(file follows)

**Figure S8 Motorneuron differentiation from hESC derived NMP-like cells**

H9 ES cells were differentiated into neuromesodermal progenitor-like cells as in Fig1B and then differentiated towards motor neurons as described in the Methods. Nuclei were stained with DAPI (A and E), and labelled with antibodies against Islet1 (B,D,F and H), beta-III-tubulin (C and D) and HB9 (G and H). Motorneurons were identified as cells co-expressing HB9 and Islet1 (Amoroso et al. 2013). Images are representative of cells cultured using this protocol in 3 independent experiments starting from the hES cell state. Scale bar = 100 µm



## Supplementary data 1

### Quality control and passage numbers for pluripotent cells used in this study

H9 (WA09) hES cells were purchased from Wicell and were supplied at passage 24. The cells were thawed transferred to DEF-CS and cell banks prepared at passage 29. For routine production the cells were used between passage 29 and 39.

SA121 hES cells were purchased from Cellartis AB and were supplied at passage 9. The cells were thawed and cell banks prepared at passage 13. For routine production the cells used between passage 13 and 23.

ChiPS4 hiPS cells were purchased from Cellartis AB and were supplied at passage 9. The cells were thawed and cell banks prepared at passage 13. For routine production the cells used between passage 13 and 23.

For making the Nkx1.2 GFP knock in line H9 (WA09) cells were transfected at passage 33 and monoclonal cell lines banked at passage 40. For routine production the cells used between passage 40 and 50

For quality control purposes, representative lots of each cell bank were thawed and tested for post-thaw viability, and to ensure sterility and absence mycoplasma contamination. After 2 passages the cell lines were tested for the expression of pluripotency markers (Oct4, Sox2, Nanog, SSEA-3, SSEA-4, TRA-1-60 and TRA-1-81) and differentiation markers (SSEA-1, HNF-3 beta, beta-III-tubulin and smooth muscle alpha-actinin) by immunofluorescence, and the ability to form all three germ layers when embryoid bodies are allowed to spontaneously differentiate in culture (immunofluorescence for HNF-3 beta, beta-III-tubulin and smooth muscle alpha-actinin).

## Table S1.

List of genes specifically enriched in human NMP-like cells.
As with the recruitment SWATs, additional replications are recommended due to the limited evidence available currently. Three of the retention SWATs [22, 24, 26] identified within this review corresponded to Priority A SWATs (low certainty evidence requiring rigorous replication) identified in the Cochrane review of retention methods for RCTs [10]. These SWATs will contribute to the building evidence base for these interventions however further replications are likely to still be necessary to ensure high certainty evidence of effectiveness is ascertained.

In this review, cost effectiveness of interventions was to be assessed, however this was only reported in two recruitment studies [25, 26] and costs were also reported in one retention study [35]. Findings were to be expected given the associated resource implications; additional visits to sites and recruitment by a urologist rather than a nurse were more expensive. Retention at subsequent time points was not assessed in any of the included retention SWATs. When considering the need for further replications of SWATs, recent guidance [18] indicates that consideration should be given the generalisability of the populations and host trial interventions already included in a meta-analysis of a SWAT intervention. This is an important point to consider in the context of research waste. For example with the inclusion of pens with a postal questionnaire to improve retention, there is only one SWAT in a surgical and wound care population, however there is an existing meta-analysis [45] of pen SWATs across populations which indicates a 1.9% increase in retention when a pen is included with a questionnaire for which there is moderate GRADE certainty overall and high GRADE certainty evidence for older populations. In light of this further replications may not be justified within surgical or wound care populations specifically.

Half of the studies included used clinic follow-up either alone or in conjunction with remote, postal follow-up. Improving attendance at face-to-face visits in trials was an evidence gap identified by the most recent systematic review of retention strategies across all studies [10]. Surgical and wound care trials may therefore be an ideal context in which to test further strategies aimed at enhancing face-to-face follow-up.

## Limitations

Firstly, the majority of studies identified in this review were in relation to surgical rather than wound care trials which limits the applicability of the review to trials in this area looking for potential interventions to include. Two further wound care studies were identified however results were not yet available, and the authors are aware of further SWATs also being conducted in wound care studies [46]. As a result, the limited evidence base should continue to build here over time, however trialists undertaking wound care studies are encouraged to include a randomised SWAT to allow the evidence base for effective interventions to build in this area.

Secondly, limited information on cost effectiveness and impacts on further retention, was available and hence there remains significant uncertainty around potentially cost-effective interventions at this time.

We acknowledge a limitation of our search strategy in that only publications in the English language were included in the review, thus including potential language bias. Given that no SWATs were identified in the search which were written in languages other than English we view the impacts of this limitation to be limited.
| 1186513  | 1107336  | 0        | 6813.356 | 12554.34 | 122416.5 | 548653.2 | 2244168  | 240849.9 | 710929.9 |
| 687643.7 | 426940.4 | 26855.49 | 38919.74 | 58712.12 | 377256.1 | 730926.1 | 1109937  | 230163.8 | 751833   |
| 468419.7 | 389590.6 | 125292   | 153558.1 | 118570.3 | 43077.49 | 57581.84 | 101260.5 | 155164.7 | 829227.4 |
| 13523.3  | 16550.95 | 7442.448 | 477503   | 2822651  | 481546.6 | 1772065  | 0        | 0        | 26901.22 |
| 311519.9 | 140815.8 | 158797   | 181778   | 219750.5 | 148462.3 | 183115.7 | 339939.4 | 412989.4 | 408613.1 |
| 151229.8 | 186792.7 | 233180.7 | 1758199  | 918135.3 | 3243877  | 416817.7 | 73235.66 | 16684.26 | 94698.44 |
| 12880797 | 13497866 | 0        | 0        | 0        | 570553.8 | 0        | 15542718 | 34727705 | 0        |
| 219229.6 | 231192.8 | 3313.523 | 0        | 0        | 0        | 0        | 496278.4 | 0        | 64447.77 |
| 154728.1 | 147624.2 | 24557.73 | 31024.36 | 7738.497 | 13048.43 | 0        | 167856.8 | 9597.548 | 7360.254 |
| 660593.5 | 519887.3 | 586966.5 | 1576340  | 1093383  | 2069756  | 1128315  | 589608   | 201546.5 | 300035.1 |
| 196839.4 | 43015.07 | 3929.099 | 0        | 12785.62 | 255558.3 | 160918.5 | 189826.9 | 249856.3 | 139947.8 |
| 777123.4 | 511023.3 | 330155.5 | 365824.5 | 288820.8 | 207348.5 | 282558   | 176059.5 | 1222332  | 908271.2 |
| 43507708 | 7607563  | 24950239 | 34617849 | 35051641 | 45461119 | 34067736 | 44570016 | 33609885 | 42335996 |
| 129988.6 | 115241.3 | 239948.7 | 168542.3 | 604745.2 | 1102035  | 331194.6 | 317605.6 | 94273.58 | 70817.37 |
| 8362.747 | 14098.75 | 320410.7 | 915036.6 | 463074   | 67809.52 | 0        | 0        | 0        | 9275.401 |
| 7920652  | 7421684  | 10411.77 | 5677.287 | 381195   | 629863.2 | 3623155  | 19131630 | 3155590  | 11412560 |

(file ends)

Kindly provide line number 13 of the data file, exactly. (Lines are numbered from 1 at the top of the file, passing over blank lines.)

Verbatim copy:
In this review, cost effectiveness of interventions was to be assessed, however this was only reported in two recruitment studies [25, 26] and costs were also reported in one retention study [35]. Findings were to be expected given the associated resource implications; additional visits to sites and recruitment by a urologist rather than a nurse were more expensive. Retention at subsequent time points was not assessed in any of the included retention SWATs. When considering the need for further replications of SWATs, recent guidance [18] indicates that consideration should be given the generalisability of the populations and host trial interventions already included in a meta-analysis of a SWAT intervention. This is an important point to consider in the context of research waste. For example with the inclusion of pens with a postal questionnaire to improve retention, there is only one SWAT in a surgical and wound care population, however there is an existing meta-analysis [45] of pen SWATs across populations which indicates a 1.9% increase in retention when a pen is included with a questionnaire for which there is moderate GRADE certainty overall and high GRADE certainty evidence for older populations. In light of this further replications may not be justified within surgical or wound care populations specifically.